I feel like giving up on it, at the moment, because today i've had some pretty denting news about wanting to do flying as a career.


User currently offlineA10WARTHOG From United States of America, joined Jul 2004, 324 posts, RR: 0
Reply 10, posted (6 years 11 months 2 days 8 hours ago) and read 1843 times:

Quoting Ajd1992 (Reply 9):
Not to make you feel bad.... but you've really taken the wind out of my sails.....

I haven't told my school about it but if it posed a problem i should think they would have told me. I didn't know i had to tell them. It's not really that bad, but if i'm stressed it can get pretty bad, i suppose. It's not like i can't talk, but sometimes i feel like there's no point in me trying to talk.

I feel like giving up on it, at the moment, because today i've had some pretty denting news about wanting to do flying as a career.

Man do not get down on yourself. When I started taxi aircraft, I was nervous talking to ATC. Put in time I found it was just like changing a tire on the plane. You do it enough, you get used to it. It is really like learning a second language. Keep with it.


User currently offlineRyanair737 From , joined Dec 1969, posts, RR:
Reply 11, posted (6 years 11 months 2 days 7 hours ago) and read 1836 times:

I'm sorry to have told you but unfortunately if the stutter is prevalent when you’re on the radio it really isn't a positive thing in terms of gaining a flying licence, R/T is critical when you’re flying alone, if you can't do it your screwed basically.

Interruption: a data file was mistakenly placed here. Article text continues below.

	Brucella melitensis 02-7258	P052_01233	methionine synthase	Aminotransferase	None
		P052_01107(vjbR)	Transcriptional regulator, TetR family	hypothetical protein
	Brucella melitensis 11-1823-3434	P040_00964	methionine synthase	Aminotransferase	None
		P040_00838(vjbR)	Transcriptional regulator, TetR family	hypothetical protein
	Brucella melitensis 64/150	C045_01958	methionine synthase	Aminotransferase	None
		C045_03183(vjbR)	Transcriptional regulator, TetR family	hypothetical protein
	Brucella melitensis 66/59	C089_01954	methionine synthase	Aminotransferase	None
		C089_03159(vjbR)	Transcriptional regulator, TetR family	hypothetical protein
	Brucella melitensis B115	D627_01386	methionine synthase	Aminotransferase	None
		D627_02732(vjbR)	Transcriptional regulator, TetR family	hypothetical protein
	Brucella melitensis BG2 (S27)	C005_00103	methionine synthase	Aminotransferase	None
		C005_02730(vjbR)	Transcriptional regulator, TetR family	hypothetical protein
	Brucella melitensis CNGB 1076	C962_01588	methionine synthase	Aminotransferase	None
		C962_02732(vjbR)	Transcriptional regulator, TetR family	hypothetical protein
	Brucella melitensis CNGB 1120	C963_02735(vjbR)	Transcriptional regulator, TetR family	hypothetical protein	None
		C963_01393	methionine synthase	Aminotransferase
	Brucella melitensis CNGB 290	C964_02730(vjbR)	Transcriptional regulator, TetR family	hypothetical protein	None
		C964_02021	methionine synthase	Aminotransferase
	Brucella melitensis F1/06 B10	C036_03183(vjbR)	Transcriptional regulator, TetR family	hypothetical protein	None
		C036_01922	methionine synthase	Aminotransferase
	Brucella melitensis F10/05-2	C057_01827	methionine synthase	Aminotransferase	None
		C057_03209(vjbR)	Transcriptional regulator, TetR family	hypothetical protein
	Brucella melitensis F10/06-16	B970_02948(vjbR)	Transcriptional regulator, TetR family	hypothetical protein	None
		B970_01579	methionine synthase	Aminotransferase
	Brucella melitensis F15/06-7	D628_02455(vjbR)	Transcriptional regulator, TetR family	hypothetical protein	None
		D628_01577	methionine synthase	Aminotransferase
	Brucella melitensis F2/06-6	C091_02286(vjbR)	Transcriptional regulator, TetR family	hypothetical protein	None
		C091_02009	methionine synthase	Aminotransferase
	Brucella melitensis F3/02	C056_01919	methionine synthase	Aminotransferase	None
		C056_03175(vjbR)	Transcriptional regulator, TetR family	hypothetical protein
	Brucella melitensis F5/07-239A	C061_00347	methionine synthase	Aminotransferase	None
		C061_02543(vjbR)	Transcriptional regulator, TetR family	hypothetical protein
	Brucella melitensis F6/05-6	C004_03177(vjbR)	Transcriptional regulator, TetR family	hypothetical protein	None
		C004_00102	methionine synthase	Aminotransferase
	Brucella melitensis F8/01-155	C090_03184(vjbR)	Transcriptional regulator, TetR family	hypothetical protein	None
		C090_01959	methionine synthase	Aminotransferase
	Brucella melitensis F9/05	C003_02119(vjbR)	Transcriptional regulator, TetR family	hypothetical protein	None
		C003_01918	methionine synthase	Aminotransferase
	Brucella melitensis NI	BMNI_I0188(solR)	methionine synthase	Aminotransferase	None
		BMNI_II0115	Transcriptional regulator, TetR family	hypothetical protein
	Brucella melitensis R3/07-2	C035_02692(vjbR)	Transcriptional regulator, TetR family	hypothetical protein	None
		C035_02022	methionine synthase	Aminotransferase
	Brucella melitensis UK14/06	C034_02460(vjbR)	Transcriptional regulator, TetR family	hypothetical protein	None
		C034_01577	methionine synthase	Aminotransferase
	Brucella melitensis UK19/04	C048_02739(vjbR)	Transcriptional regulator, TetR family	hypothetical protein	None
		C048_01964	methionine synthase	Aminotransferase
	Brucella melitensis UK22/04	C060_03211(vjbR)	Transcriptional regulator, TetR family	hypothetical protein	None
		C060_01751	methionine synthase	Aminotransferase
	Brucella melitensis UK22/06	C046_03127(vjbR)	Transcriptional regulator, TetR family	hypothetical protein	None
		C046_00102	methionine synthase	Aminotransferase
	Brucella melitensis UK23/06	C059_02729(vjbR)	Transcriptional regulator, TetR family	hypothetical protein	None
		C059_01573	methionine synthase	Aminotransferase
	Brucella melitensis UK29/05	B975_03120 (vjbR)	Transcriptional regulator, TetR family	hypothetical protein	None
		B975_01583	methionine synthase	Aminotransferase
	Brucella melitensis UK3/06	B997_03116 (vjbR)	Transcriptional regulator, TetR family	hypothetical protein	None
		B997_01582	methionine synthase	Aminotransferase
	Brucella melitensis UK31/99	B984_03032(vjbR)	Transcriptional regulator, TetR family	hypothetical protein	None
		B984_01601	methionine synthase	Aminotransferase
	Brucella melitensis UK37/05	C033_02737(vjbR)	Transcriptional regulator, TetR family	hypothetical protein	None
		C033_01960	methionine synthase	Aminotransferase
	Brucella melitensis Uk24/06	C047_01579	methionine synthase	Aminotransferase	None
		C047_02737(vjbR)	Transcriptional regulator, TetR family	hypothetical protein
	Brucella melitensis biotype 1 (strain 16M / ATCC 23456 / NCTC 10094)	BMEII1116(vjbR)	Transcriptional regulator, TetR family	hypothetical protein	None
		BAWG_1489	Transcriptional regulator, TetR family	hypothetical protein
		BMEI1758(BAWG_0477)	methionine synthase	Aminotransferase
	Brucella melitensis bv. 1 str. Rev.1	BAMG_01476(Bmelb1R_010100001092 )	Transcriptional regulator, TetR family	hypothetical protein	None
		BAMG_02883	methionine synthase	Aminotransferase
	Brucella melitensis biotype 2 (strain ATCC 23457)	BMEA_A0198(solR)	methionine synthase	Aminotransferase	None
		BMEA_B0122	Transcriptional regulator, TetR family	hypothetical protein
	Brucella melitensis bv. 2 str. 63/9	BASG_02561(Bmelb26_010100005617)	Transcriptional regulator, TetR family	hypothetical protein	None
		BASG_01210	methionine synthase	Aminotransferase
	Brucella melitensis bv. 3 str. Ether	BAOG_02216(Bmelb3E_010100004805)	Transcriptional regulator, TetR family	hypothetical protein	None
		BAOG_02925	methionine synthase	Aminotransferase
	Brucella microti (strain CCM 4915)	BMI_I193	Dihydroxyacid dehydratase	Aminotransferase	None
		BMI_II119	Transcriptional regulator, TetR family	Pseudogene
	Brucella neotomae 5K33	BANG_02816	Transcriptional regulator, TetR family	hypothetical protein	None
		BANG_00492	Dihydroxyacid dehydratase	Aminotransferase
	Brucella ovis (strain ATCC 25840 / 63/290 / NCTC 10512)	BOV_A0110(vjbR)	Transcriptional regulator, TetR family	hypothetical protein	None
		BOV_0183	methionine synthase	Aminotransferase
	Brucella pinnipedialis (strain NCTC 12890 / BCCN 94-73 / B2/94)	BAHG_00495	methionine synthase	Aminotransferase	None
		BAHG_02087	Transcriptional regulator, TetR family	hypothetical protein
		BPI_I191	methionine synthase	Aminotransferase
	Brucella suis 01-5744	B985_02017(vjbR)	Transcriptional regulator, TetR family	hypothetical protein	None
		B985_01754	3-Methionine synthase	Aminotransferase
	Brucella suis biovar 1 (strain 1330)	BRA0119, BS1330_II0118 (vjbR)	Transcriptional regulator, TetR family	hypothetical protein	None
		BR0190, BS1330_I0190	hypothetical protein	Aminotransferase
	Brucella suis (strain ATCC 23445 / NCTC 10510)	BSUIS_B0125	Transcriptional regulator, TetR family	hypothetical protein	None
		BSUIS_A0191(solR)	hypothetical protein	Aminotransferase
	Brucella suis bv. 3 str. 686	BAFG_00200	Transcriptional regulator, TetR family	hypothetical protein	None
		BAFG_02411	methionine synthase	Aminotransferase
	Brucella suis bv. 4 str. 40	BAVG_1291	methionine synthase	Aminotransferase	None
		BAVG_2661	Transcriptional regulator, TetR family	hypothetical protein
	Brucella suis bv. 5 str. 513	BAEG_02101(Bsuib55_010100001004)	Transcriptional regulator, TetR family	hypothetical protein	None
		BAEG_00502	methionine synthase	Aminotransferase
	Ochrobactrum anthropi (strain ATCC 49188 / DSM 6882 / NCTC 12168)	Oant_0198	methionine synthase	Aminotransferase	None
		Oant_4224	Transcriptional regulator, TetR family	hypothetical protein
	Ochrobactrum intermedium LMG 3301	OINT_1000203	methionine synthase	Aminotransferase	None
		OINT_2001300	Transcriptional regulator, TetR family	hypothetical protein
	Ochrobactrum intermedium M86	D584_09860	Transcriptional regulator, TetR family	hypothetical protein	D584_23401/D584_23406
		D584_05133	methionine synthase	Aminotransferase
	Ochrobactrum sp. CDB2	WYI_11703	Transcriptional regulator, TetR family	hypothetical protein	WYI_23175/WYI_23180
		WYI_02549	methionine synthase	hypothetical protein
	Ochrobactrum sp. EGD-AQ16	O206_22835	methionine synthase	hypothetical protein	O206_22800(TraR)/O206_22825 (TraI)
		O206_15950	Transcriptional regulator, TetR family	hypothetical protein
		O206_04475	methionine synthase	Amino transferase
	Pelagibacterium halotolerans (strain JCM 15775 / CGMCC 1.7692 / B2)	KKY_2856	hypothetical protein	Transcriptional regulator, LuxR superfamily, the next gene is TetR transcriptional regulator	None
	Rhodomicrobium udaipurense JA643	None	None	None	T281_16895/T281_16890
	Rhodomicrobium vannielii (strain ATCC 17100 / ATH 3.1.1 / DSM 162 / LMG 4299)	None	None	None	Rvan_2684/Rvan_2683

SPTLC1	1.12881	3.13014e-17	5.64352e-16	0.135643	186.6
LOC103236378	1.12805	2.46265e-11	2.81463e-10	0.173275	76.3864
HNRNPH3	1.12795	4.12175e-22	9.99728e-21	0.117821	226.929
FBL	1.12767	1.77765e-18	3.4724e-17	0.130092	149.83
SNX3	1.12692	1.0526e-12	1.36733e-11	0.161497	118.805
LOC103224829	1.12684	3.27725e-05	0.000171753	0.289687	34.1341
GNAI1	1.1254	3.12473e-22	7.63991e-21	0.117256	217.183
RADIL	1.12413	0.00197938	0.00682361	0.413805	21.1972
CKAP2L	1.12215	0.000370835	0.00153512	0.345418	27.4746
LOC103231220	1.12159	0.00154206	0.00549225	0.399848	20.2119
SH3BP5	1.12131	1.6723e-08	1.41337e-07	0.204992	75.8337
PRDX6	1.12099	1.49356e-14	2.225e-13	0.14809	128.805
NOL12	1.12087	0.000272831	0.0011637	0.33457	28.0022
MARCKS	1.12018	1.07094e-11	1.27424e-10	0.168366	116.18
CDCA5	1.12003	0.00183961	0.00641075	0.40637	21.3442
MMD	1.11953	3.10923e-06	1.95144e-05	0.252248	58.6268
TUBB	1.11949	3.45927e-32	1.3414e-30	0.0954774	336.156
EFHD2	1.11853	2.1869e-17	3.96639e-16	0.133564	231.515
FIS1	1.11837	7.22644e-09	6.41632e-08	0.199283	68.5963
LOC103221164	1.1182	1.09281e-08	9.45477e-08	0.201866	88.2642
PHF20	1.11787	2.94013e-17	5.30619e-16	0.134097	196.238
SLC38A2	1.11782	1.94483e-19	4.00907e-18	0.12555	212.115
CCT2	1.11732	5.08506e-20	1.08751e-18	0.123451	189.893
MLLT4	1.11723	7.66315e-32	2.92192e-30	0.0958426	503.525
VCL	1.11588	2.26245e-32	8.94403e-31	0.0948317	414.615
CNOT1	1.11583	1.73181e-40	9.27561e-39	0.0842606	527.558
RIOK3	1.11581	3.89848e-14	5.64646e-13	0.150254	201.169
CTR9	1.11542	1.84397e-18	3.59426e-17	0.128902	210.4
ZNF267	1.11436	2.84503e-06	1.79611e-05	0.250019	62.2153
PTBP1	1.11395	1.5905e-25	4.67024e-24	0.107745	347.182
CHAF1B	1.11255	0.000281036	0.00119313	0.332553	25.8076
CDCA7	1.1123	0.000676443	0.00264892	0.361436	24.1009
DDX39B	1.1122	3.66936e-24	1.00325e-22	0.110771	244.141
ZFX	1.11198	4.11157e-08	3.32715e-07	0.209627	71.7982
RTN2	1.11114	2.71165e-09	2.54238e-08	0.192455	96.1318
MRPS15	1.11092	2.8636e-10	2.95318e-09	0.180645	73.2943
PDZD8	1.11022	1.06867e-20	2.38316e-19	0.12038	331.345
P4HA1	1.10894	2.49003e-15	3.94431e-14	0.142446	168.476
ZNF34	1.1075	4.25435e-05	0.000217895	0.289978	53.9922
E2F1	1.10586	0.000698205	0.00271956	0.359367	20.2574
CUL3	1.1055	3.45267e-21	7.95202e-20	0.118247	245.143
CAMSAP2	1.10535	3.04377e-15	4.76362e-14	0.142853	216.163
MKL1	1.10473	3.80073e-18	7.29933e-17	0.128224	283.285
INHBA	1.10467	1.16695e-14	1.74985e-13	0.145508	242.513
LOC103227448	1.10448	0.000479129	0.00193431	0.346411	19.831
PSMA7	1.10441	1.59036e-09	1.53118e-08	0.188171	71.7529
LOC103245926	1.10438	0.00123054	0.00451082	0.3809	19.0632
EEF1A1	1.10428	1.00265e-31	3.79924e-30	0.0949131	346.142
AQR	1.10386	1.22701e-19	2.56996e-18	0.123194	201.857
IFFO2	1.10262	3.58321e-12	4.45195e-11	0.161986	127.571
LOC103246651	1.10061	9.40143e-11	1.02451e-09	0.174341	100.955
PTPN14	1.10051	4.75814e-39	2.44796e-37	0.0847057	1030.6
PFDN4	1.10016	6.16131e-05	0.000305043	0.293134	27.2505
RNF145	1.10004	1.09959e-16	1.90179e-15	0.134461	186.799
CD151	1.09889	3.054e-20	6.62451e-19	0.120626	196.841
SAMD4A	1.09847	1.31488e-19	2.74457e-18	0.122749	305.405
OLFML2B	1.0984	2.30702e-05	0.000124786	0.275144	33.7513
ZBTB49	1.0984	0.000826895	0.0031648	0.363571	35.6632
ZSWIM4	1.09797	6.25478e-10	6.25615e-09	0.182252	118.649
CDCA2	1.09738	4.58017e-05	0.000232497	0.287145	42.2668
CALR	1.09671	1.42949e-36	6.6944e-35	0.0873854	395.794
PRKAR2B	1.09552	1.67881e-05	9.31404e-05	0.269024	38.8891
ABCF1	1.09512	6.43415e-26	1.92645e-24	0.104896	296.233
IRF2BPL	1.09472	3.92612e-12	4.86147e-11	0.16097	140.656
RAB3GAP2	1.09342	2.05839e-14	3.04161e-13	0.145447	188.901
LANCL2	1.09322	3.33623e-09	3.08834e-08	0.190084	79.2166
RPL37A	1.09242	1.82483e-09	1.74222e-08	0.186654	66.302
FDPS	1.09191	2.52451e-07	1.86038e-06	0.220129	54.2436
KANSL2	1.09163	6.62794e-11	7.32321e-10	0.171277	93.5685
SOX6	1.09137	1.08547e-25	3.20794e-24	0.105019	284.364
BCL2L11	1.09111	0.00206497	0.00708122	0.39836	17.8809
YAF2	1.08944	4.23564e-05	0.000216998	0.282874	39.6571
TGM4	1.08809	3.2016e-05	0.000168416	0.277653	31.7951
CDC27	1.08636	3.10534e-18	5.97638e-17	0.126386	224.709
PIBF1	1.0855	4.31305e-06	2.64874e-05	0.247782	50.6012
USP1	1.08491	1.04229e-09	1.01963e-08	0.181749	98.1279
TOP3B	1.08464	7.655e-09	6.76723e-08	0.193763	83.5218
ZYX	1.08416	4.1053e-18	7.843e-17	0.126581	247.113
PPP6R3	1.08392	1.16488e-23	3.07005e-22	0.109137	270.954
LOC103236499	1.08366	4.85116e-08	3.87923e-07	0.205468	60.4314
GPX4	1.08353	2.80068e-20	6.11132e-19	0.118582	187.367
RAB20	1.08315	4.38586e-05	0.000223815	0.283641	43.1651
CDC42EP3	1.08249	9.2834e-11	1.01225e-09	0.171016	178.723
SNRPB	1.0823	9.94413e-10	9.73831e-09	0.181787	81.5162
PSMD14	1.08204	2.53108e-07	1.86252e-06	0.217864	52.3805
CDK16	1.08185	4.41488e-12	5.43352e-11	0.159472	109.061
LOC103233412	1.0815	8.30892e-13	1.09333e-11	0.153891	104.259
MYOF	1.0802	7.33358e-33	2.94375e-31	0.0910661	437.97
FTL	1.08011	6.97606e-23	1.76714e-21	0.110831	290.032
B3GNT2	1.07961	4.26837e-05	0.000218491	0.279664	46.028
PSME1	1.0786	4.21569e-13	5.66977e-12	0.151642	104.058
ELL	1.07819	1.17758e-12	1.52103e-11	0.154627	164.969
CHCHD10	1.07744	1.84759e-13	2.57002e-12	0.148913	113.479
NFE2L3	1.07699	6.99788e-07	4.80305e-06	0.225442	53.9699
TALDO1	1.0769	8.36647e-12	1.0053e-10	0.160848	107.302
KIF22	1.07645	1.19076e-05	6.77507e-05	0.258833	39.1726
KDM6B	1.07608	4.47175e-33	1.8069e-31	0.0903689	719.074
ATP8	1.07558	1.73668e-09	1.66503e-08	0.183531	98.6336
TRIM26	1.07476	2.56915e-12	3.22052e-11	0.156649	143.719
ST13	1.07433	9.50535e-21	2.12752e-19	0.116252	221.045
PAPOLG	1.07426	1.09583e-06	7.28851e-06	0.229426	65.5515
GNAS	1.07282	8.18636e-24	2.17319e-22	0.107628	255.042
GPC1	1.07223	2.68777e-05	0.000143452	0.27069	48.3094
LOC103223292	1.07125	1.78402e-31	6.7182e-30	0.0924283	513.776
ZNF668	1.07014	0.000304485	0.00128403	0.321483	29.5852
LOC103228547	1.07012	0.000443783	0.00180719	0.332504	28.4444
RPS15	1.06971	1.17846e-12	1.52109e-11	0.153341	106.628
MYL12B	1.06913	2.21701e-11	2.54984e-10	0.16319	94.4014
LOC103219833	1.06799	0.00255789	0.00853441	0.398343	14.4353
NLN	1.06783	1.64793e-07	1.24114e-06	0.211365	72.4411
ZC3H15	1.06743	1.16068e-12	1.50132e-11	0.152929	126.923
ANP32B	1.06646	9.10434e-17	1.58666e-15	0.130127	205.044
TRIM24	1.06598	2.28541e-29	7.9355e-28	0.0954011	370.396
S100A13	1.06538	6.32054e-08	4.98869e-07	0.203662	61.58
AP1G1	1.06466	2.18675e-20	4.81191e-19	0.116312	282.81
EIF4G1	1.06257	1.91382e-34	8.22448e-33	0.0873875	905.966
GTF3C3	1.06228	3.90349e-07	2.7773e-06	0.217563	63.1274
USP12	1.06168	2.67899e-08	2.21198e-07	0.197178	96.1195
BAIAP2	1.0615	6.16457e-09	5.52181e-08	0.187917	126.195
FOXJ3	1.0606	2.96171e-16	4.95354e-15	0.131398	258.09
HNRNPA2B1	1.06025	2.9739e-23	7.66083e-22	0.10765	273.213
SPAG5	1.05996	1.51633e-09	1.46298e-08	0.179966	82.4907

Quoting Ajd1992 (Reply 9):
I haven't told my school about it but if it posed a problem i should think they would have told me. I didn't know i had to tell them.

Some flying schools just care about money so unless you brought it up they wouldn't stop you flying, more flights from you equals more money for them. Simple truth, it’s the way that most private schools operate. Of course when it is getting up to solo and if you still can't transmit without stuttering then they probably will say well you can't go solo, but then you would have wasted about £2000-£3000 because they didn't tell you in the first place.

If you can combat the stutter then you have no problems, if you can't, I see difficulty with you doing the PPL.

Quoting A10WARTHOG (Reply 10):
When I started taxi aircraft, I was nervous talking to ATC.

Yeah but this is different cause he has a stutter, it ain't just nerves.


User currently offlineMir From United States of America, joined Jan 2004, 21564 posts, RR: 55
Reply 12, posted (6 years 11 months 2 days 7 hours ago) and read 1832 times:

Quoting Ajd1992 (Reply 9):
Not to make you feel bad.... but you've really taken the wind out of my sails.....

Don't let it. Unless your stutter really holds you back in normal conversation, it's not a big deal.